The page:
Unless you live under an actual rock, you've likely noticed the words Standing Rock in the news a lot lately. Here's a little recap of what's currently going on at Standing Rock, in case you don't feel quite up to speed on what's been happening:
- What's happening in Standing Rock?
- The Standing Rock Sioux and their opposition to the DAPL (Dakota Access Pipeline)
- A history of Native Americans protesting the DAPL.
- Why is everyone checking into Standing Rock on Facebook?
- The legal case for blocking the Dakota access pipeline.
- The geography of poverty.
- Why the struggle is more than one pipeline.
Every time I hear or read the words "Standing Rock", I feel a sharp little pang deep in my guts. It's not because I forgot to take my antacids. You see, I am intimately connected to the Standing Rock Reservation. I lived there, albeit for a short time, when I was much younger. They say every place you live, you take it with you when you move on to the next place. It molds and shapes who you are, and it never leaves you. This is most certainly true about my time on the rez.
Many years ago I spent a portion of a summer living and working up there on the scorched barren flats of North Dakota. I was young. I was middle-class privileged. I'm white. I was certainly not prepared for how my short time on the reservation would become one of the most profound and moving experiences of my life.
It was a time of many firsts for me.
It was the first time in my life I experienced abject racism. Not casual racist remarks thrown out by dumb kids, but life-directing racism, the impacts of it, and most surprisingly to my inexperienced self, the painful reality of racism aimed specifically at me.
It was the first time I experienced a sadness so intense, a hopelessness so complete that I felt emotionally overwhelmed. I felt this sadness, this hopelessness in many of the people I met: natives of the reservation who were trapped there by the circumstances of merely having been born onto it.
It was the first time I became closely acquainted with death. It is not uncommon for people to commit suicide on the reservation. A suicide occurred the very week before my arrival. It was a teenager just like myself.
I was assigned work in a cemetery, rebuilding the fences knocked down by the few roaming cattle and cleaning up graves, so many of which belonged to children.
I was assigned to the food kitchen, where people of the reservation came for their meals. The utter poverty on the reservation meant no electricity, no plumbing, and no food for many of its residents.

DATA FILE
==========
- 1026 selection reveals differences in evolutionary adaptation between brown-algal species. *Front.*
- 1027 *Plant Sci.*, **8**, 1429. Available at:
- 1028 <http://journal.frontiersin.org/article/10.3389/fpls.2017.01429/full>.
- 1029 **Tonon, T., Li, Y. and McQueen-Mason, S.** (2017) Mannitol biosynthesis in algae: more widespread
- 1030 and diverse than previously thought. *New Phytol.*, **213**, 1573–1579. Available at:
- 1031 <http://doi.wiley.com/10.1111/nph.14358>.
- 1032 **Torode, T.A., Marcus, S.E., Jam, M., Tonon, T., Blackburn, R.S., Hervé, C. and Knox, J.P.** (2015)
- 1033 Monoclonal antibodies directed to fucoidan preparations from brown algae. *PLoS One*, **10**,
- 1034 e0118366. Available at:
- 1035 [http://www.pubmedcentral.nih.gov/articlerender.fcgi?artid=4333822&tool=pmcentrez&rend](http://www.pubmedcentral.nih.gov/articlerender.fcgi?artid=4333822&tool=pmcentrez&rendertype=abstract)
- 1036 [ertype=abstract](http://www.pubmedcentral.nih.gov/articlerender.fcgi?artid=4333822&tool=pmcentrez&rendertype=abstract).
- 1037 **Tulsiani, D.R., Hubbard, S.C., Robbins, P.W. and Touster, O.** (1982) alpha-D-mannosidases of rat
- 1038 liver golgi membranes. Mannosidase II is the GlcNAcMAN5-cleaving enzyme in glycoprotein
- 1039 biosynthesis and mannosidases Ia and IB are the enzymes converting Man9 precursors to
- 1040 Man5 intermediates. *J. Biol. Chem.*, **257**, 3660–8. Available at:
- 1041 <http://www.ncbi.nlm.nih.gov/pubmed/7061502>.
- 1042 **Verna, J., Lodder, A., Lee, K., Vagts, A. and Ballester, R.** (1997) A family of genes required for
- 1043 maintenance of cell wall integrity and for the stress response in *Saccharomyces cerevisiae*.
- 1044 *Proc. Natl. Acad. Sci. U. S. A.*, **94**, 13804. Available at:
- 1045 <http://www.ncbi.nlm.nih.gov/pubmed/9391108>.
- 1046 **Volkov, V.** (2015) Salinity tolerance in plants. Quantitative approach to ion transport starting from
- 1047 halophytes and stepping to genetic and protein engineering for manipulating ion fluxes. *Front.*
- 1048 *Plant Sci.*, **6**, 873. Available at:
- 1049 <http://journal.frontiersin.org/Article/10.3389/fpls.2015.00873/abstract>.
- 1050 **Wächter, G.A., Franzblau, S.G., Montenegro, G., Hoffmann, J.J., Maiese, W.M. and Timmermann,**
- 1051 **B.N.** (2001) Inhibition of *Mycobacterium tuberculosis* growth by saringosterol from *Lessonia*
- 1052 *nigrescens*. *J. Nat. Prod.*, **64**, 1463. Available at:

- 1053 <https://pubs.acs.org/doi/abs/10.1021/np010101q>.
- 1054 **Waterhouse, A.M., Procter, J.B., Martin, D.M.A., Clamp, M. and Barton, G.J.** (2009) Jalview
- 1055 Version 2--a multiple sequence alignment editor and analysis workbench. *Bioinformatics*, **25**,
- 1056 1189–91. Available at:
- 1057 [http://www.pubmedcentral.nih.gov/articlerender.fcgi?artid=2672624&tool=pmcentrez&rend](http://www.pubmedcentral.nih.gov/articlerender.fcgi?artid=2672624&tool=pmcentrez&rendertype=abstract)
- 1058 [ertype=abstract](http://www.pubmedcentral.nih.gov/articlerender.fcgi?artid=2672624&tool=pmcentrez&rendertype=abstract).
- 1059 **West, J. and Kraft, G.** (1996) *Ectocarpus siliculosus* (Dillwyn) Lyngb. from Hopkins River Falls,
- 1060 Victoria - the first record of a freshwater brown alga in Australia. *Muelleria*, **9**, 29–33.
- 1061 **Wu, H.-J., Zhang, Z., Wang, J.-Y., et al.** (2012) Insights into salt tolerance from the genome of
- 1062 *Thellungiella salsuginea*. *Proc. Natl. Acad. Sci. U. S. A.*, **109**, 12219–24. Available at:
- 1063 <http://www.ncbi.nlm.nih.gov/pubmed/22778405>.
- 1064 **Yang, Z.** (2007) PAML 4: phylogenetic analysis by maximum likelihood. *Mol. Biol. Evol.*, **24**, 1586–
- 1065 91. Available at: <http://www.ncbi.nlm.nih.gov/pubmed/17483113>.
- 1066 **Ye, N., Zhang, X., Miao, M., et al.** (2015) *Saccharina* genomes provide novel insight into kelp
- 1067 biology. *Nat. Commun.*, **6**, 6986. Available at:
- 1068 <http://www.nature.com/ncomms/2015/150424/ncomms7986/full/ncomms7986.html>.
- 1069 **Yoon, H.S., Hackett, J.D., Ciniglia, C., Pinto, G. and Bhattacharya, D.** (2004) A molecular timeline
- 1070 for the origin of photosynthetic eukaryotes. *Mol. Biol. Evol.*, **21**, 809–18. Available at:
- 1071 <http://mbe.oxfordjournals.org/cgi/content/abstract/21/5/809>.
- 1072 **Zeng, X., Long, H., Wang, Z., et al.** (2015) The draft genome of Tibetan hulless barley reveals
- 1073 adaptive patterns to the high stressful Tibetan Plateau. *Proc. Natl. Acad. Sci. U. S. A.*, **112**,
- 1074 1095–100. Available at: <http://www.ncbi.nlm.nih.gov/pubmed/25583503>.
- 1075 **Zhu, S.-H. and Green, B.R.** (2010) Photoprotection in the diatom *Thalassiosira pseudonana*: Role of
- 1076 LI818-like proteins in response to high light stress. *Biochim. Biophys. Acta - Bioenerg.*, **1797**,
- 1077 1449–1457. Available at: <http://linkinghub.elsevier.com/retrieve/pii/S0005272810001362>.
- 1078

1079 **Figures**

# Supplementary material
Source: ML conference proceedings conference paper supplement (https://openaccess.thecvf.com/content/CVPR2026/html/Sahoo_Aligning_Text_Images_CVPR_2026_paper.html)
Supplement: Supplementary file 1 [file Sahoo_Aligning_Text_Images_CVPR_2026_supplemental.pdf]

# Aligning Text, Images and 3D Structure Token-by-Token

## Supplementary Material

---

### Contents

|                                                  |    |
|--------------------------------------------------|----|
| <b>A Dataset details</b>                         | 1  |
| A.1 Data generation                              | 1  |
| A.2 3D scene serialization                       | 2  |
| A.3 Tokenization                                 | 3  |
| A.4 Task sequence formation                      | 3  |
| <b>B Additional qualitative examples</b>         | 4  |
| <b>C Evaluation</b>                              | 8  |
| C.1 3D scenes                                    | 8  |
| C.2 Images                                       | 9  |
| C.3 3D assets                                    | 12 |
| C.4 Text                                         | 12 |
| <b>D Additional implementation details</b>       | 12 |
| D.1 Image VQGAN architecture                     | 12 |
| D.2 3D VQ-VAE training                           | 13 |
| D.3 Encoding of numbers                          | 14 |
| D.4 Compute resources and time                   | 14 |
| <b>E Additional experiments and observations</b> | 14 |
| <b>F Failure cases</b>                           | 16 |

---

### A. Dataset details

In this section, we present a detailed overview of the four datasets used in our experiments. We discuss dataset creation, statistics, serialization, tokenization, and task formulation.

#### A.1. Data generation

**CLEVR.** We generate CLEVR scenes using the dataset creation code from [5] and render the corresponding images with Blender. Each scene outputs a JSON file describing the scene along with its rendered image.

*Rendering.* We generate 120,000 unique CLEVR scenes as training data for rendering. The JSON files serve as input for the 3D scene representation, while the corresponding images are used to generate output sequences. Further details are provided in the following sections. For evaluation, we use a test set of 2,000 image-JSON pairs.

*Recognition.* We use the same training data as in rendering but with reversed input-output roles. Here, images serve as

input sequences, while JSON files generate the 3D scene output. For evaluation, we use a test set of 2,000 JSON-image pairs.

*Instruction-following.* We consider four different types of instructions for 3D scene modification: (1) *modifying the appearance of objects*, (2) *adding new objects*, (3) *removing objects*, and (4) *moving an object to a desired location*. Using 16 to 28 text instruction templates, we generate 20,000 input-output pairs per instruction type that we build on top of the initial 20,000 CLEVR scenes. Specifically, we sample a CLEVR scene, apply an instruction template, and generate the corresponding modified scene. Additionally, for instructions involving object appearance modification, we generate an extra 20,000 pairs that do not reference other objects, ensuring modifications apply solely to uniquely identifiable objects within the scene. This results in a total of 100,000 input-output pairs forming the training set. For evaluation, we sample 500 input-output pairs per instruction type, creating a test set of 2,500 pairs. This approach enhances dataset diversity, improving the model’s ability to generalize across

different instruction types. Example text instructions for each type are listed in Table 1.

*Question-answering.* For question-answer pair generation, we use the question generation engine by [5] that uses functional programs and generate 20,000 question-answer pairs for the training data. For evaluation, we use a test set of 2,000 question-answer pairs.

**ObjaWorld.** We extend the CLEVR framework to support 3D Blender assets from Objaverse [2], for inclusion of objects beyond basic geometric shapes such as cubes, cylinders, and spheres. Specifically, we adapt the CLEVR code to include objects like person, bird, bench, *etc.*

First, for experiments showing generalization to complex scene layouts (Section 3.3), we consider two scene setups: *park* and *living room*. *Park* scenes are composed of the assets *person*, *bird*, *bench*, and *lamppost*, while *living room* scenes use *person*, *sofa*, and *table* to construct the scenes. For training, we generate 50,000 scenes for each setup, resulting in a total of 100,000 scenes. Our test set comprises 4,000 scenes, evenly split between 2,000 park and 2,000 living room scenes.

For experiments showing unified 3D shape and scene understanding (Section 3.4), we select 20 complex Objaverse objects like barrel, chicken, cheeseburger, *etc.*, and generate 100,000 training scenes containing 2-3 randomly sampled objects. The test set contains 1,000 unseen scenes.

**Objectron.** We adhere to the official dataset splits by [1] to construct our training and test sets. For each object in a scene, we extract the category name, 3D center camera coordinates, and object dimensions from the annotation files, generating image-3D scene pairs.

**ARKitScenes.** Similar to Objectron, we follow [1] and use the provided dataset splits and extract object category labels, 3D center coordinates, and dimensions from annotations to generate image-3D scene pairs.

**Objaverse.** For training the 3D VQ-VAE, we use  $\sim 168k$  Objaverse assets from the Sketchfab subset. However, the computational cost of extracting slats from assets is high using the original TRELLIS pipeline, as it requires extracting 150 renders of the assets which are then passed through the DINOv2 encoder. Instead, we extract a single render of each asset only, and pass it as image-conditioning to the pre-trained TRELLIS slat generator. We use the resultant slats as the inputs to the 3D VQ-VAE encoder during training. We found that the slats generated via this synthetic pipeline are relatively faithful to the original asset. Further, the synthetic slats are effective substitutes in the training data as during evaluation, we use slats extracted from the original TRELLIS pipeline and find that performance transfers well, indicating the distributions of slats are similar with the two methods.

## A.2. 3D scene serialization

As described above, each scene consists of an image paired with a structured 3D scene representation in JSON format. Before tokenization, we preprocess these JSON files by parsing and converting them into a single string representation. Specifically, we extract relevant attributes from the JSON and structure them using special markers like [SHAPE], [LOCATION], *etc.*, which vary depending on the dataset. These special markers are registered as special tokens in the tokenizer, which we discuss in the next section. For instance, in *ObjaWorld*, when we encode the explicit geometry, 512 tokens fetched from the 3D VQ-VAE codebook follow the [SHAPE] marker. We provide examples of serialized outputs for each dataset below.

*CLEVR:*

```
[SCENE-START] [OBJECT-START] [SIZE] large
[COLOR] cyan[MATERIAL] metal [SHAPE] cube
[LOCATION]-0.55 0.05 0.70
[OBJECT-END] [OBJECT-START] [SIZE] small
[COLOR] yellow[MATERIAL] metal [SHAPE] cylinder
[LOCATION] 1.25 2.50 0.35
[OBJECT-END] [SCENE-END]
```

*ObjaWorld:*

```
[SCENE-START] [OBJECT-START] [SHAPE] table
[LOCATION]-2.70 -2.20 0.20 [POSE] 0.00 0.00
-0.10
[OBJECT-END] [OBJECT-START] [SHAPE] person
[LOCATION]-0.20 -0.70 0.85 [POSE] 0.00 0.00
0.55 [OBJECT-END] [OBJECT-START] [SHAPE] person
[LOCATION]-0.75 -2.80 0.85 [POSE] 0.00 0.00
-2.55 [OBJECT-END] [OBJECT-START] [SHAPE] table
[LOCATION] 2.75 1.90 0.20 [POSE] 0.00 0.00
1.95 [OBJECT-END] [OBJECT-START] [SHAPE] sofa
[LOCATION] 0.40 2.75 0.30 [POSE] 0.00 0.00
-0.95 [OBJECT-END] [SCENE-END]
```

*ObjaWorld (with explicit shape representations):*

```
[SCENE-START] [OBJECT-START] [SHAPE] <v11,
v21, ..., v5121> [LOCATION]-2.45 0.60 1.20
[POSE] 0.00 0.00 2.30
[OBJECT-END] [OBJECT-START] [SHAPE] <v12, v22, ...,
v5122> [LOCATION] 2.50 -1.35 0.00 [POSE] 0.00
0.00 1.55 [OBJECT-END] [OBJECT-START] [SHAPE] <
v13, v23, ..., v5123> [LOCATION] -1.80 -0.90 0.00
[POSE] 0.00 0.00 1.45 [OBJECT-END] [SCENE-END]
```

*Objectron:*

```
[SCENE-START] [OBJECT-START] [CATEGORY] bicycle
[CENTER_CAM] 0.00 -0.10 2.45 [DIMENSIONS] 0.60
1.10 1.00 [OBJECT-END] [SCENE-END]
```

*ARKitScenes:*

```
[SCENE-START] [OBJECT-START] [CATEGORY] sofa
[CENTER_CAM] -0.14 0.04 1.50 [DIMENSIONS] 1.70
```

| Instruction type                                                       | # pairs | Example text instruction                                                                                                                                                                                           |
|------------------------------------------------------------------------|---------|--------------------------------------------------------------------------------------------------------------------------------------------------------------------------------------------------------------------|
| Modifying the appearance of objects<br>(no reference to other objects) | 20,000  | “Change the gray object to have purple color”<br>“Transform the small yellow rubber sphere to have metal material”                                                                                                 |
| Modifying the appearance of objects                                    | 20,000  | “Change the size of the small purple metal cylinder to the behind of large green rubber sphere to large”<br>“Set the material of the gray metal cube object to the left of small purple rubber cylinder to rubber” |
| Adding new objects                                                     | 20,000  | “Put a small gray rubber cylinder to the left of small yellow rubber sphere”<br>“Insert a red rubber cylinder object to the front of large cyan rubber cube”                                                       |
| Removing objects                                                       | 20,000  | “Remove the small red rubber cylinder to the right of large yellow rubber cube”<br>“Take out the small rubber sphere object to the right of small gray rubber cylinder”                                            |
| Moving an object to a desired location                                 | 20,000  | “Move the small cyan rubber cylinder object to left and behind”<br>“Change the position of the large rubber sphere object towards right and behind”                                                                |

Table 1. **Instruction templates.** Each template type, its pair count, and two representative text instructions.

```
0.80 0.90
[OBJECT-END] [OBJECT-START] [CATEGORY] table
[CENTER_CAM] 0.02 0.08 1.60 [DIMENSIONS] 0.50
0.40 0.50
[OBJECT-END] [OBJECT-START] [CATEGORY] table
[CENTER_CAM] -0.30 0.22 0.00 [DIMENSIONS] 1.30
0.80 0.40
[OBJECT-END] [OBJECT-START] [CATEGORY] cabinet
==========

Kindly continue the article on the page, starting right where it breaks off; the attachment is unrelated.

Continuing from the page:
I met natives of the reservation who were my age and who were already parents, or soon to be so. We played a pick-up game of volleyball. This series of moments changed me deeply as well, because as cliché as it sounds, during the game we were all the same: just kids having fun. These kids were so different from me, living lives completely foreign to what I had ever previously considered, yet they were the exact same as well.
Every day was packed with moments both surprising and profound.
Now, I was born out west and feel pretty familiar with the desert, but I had never seen a land so desolate. The Standing Rock Reservation sits on unforgiving ground. During the summer I spent there temps consistently hit 110 degrees in the shade (of which there is little). While heartbreakingly beautiful, the territory provides very little in the way of usable, farmable land or water. It's mostly dead earth.
I feel foolish saying these things now. I have debated posting this because I feel like an imposter, just a white girl who visited but got to leave and get back to my white girl life. I suppose I feel guilt about having experienced these things and being able to do so little to remedy any of it.
My time on the reservation was as emotionally charged as it gets. It was life-changing.
Many people express interest in the tattoo I bear on my forearm. While it is partly devoted to my Colorado roots and my persistent longing for the mountains, much of it is devoted to my time on Standing Rock. When a curious stranger asks me about the meaning of it, I mention the reservation and how it changed me. It is my ever-present reminder.
This is why the current news coverage of Standing Rock hits me to my core.
I feel I am a part of that place, and it is a part of me.
I understand deeply the importance of water on that parched patch of land.
I have and always will stand in solidarity with the people of Standing Rock.
I will weep bitter tears if these protests end in tragedy or failure to preserve that terrible, wonderful land.
I will stay current and provide all the support I can. Because it matters.
Please, get involved.
Mni Wiconi. Water is Life.